Maybe there has never been a better opportunity for the Spanish Property market to become transparent and professionally regulated and turn its back on the rodents that have played their part in its self destruction.
Is there an overarching strategy to do this?
Who are the leaders in the recovery?
Where are the positive NEWS stories on national media?
Without pro-action nobody is going to jump to help are they?
So we expect our property investments to be devalued by around 50% and set at a new level before any confidence returns.
Who in their right mind would buy now before that new level.
As for those caught in the toxic debt and equity trap....what are the prospects and industry advice? Because without it there will only be BAD press.
Justin is making great efforts to throw a positive light and is to be applauded.
What he needs is a total industry backing or approach similar to the banks PR offensive.
This may only happen if the Spanish Banks are seriously danaged by their 'sub-primes' and market collapse that they have to be bailed-out by the EU in which case there will have to be STRINGENT CONDITIONS including wiping out corruption.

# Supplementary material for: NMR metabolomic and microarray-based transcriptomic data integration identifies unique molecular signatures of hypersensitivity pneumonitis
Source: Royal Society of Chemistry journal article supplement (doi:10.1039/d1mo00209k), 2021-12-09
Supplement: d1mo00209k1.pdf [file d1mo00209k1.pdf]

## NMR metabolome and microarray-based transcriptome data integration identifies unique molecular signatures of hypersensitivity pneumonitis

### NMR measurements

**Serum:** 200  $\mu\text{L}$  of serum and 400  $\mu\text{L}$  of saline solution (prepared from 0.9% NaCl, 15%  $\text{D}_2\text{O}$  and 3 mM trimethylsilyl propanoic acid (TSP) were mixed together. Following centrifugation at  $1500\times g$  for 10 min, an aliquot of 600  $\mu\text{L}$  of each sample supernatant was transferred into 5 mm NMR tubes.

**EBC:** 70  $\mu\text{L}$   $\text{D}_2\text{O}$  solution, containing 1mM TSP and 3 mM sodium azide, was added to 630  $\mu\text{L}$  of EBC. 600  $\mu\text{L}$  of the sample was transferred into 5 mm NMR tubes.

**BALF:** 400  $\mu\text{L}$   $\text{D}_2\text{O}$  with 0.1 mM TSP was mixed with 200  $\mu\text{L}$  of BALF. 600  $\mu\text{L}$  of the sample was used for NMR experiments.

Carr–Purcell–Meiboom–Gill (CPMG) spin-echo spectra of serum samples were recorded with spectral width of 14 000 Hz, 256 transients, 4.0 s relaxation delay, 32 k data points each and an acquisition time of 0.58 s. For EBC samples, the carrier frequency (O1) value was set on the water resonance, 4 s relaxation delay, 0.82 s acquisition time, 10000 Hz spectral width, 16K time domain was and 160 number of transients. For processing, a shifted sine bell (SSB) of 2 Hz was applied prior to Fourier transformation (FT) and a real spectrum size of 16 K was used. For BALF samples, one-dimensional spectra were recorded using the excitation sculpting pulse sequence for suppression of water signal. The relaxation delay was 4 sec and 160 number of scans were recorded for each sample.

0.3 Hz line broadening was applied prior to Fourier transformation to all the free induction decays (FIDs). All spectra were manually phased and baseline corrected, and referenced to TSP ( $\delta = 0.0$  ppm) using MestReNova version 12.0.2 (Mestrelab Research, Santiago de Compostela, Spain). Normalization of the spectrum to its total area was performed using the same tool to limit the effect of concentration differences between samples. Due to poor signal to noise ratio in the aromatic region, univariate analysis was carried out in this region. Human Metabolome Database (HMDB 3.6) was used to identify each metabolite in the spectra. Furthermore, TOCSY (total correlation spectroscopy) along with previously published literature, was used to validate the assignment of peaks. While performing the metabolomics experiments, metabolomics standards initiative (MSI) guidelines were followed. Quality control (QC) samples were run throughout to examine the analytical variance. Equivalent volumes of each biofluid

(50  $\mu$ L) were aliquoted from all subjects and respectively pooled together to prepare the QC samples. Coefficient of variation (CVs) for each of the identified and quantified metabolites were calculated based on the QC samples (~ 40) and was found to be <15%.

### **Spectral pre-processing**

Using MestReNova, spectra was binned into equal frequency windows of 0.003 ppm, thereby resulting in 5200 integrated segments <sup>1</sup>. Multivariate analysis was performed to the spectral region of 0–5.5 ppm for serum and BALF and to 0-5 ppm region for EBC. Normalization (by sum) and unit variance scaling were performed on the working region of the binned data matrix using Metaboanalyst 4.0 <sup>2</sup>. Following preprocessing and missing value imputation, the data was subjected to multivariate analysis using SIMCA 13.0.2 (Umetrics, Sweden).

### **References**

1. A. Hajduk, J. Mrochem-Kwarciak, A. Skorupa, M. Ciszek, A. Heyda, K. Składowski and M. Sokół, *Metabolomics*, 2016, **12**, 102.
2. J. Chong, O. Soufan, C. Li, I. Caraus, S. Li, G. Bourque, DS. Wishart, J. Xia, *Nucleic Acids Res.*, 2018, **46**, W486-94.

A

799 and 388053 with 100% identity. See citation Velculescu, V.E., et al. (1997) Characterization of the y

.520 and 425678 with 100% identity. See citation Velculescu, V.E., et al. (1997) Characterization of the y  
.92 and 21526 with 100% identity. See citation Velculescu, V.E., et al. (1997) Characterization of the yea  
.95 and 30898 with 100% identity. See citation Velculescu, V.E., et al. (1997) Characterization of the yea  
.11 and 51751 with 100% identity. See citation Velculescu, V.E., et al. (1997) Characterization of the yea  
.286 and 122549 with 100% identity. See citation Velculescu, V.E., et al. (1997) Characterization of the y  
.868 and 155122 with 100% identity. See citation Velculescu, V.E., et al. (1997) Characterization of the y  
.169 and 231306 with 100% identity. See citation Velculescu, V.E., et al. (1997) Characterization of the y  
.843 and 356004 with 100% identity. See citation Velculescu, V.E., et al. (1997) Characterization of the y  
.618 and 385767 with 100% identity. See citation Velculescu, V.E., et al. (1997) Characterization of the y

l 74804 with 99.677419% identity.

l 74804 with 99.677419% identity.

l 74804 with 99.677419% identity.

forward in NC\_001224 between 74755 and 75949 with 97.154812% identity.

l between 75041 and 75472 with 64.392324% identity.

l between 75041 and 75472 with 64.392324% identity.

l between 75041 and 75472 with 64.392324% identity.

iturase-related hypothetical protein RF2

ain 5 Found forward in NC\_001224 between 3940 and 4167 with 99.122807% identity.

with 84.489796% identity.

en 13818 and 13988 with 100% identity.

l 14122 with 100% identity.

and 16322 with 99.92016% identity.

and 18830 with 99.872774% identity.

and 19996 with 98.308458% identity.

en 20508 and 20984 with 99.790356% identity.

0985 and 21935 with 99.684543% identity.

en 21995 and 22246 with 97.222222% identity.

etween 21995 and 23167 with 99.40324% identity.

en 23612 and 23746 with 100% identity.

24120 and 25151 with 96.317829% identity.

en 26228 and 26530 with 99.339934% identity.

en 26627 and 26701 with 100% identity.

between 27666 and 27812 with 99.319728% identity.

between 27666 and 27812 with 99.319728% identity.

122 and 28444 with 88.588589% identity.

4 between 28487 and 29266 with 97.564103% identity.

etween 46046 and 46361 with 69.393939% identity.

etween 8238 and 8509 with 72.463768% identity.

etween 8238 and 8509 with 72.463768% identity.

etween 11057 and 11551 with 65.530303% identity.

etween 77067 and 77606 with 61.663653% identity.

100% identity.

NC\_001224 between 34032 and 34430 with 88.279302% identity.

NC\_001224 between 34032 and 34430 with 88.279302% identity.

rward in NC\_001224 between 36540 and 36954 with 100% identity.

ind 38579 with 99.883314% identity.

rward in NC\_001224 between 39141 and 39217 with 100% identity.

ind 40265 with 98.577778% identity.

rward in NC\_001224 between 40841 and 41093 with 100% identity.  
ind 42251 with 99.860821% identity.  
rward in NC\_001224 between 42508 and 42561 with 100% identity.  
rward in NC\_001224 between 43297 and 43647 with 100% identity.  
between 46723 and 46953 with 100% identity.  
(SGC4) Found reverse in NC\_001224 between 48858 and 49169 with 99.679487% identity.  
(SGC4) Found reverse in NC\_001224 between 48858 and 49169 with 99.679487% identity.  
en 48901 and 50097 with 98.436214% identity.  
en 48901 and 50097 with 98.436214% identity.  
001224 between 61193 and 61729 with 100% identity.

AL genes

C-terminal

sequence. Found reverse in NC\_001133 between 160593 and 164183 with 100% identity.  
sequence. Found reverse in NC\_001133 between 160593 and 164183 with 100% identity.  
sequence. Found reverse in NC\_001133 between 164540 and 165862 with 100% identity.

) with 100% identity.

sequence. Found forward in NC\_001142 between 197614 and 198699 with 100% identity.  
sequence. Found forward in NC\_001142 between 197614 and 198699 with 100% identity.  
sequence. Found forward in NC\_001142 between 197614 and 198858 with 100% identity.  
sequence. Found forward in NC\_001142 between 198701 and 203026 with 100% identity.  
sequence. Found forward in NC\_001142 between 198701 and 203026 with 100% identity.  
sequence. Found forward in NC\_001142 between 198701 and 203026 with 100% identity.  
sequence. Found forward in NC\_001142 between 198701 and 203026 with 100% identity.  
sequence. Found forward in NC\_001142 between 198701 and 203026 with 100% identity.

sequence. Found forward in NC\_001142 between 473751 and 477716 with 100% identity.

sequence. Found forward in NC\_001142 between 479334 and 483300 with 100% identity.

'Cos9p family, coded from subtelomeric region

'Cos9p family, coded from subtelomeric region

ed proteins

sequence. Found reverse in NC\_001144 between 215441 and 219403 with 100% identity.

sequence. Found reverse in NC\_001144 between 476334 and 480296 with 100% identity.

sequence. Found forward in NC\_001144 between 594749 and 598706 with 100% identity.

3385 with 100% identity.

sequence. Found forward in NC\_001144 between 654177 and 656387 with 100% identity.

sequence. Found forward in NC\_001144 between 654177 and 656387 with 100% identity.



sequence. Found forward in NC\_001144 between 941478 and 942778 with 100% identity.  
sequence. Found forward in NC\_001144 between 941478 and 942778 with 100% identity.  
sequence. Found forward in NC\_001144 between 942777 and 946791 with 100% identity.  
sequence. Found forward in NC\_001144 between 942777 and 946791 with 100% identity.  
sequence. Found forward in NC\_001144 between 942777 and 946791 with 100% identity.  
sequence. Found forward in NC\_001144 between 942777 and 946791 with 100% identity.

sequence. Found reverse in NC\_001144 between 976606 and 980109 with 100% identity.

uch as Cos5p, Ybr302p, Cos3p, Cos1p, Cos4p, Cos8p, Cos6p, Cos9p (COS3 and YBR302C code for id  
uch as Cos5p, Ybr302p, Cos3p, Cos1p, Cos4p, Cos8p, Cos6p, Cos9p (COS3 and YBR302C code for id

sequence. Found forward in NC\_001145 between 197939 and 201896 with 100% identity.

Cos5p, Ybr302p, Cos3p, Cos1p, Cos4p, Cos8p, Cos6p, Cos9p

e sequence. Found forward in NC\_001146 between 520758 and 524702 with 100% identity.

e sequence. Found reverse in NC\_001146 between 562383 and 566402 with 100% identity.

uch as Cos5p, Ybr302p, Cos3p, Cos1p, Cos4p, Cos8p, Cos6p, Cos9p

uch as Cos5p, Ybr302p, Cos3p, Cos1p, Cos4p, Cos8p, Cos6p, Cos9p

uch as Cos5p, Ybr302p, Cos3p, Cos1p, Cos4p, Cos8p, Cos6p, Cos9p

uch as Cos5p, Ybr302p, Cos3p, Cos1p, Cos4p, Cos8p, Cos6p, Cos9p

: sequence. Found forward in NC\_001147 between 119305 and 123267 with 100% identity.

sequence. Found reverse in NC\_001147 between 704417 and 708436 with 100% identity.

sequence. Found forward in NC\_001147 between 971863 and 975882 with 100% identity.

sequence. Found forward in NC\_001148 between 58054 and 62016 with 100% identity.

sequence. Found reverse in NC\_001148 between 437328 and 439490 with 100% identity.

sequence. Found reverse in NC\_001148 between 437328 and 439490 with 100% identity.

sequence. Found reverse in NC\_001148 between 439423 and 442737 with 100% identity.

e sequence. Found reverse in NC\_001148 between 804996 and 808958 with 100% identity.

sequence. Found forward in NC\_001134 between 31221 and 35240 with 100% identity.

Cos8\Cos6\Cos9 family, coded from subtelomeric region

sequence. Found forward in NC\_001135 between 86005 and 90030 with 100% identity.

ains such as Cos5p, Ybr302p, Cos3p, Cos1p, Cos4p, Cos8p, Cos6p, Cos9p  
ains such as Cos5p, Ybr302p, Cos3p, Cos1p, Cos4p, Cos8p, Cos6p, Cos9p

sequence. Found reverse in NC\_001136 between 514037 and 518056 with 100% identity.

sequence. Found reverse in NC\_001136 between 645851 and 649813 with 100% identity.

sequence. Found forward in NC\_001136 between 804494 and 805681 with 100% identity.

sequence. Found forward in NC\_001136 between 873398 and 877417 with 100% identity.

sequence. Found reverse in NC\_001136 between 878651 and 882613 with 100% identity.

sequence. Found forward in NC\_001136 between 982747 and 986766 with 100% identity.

It may just need that as the imputus for recovery.
UK seems to have proven their intervention strategy.
Zapatero failed to even mention this black hole in his deficit reduction plans. Why was that?
Because they are passive and expect to be helped I guess. That kind of approach is weak and it will fail.
It it takes a more right-wing approach to sort this mess out then so be it. Something has to be done at a Government universal level.
So



Dee said:
17 February 2010 @ 09:34

O listen to the doom and gloom merchants.. if you can only see the bad things in Spain then believe me you would see the bad things in ANY country you live in. Ive been a resident of Spain for 8 yrs.. yes its not UTOPIA for goodness sake but then where is ??? If you try accepting Spain, its people, its customs on the basis of "that is the way it is" instead of constantly trying to change it, and wishing that it was the UK with sunshine then you might appreciate the country and the Spaniards and this lovely country more. As for Spain being corrupt... great coming from a country whose Politicians have just swindled the tax pàyers out of Millions.!!!! . and if Im going to be swindled, cheated and ripped off where better to come than Spain where the BRITISH Tradesmen (cowboys) have got it off to a fine art. This is the coldest winter since Ive lived here... Ive had years where its usual to wear tee shirts in January. Cheer up folks it will soon be so hot you will have something else to moan about.